On the news this morning, they were discussing the job market. There are apparently parts of the country which are at full employment and skill shortages in certain areas are beginning to emerge. As we slowly climb out of recession, the economy has turned into an employees’ market. I was speaking to one of my clients, a recruitment company, a couple weeks ago and they were saying that candidates are asking, where the offices are and what are they like? Before they will even go for an interview. So does your work environment make a difference?
Research on this has been carried out on this, both sides of the pond and the undisputed answer is ‘Yes!’ A Robert Half survey have revealed that over a third of executives see the working environment as the most crucial factor in keeping an employee satisfied in today’s business world, compared to just 9% in 1993. And with the internet awash with pictures of Google, Hootsuite and Facebook’s funky offices, it is understandable that young people particularly, want to see themselves in similar environments.
I went to see another company this week who have already invested considerably in their office interior and have further grand plans. They are a young, dynamic technology company whose success depends on them attracting bright, young people. They expect a lot from their employees so are prepared to provide them with a home (or better!) from home.
Technology has blurred the lines between our work and private lives, our work fulfils our need to belong and gives us a sense of identity. What our work environment looks like, what is says about our employer and ultimately about us, is extremely important. So the bottom line is, if you want to grab the attention of the best people, your work environment has to reflect you, your values and attract the kind of employees you want to engage.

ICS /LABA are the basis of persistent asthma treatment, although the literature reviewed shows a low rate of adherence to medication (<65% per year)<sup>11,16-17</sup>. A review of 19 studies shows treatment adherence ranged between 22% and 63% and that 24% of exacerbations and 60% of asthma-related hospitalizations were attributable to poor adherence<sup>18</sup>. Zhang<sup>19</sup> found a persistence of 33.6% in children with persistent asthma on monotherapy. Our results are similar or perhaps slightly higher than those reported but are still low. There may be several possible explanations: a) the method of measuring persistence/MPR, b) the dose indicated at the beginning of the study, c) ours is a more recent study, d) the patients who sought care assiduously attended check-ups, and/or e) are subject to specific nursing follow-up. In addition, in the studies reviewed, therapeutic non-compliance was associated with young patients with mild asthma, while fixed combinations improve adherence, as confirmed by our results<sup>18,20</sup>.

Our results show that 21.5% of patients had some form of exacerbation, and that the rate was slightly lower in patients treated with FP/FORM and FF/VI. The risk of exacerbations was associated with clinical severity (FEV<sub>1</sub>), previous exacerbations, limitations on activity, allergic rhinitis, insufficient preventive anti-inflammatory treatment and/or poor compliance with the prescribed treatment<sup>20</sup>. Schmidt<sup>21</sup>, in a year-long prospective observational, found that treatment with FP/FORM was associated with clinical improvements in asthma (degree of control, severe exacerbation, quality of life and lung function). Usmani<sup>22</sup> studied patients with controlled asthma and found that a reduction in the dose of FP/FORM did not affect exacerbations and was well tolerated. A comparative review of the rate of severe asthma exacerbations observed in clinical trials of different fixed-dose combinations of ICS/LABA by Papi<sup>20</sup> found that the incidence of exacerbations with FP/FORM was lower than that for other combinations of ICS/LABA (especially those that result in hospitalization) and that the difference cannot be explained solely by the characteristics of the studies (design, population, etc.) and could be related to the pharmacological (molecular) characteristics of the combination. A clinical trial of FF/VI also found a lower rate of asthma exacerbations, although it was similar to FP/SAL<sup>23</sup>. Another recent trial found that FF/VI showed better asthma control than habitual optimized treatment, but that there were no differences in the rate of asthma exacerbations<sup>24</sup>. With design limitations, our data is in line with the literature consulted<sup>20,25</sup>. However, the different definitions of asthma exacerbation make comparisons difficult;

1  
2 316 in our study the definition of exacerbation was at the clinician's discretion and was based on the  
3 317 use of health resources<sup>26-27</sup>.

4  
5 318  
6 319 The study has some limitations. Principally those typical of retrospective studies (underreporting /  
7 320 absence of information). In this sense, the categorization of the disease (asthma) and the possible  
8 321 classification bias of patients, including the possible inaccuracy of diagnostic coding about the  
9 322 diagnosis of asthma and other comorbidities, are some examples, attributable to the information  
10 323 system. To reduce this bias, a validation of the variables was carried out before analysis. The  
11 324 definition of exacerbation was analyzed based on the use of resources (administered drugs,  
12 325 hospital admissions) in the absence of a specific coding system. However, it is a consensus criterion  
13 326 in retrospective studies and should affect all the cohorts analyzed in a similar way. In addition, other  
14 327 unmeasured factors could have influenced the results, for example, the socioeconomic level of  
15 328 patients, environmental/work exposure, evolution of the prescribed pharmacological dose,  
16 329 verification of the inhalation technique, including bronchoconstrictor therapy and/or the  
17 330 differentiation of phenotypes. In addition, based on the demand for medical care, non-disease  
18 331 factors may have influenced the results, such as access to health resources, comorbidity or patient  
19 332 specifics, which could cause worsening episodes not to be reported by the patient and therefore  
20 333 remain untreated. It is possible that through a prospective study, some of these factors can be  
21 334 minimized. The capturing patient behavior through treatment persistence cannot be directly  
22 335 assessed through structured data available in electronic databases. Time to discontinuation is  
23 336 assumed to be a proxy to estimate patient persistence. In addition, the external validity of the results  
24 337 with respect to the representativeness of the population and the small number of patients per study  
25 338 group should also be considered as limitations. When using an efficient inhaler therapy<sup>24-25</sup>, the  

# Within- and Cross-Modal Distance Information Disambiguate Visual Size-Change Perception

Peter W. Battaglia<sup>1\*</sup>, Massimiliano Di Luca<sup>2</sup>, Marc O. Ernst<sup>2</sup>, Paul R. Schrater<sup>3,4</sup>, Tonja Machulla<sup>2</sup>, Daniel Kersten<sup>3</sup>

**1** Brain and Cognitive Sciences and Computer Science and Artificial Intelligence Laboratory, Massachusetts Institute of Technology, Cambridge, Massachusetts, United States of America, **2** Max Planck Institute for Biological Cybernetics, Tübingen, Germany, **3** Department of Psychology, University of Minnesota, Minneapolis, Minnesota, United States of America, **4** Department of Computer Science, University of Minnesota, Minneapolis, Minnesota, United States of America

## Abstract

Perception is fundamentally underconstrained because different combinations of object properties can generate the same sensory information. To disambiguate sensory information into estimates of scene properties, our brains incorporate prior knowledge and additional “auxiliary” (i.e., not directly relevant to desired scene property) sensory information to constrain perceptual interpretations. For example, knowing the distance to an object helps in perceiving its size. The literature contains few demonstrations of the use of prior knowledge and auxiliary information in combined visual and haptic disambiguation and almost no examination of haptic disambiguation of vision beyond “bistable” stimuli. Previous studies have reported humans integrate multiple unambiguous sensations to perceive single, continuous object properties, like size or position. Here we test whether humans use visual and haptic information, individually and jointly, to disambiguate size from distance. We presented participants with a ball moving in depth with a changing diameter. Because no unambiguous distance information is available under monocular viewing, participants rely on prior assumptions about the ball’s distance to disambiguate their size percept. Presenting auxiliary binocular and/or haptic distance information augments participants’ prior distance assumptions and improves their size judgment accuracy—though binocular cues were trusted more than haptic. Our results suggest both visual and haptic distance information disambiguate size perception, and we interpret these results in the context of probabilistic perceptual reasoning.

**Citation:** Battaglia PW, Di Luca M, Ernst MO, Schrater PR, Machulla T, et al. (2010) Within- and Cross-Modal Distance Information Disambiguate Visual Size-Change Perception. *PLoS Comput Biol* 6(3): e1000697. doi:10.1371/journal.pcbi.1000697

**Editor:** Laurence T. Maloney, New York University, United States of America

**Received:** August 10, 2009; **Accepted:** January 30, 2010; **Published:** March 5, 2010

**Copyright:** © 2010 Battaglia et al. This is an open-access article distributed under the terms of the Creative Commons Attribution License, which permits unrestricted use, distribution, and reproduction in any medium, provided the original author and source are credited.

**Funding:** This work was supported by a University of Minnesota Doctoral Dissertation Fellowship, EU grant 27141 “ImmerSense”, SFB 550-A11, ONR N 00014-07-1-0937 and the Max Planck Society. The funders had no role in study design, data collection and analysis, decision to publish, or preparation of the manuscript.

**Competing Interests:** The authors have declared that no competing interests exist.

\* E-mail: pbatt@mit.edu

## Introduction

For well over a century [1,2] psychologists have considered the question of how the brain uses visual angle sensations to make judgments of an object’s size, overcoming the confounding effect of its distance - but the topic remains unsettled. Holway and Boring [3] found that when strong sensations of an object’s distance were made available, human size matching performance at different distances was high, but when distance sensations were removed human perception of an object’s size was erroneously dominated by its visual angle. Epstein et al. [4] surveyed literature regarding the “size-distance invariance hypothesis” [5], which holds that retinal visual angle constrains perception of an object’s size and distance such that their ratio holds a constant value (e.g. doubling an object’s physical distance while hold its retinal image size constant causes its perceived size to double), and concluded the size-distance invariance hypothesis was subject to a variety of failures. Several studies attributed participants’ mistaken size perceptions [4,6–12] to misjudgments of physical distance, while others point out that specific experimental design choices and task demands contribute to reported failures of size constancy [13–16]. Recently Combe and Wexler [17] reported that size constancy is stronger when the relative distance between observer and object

So what can you do, well establishing and celebrating your brand identity is crucial. It should be obvious where you are and what you are about from the moment you walk into your workplace. Find out what it is that attracts people to your company and celebrate it. Whether it is your history, location, customer list or culture, shout about it, be proud of who you are. What you want to promote will depend on you and your market, but you should feed your employees, clients and partners with information about you and what you are about.
Windows and natural sunlight boosts vitamin D production, which puts people in a good mood. Windows also gives people a view outside, which reduces the feeling of being cut off from the world, and encourages creative thinking. You may not be blessed which a beautiful view from your windows, so consider painting one!
Colour is incredibly important for altering mood; reds and oranges raise blood pressure, promote sociability and brain activity, whereas greens and blues are calming. Pink is known to reduce aggression so can be particularly effective in male dominated, high stress environments.
Open communication is cited as an important factor in chosing an employer, so try to find creative ways of allowing employees to have a say. A chalkboard or whiteboard on the kitchen or staffroom to encourage feedback can be an invaluable tool.
It doesn’t have to be a major refurbishment either, a study in US showed that men are 30% more creative when they have plants in their immediate vicinity. And encouraging communication and mindfulness through art is a relatively straight forward process.
So if your business depends on it’s people, and let’s face it, whose doesn’t? Why not create an environment that people will clammer to work in? It will reap it’s rewards.
If you would like to discuss your office interior with someone who is a curious mix of artist, designer and marketeer, let’s have a coffee.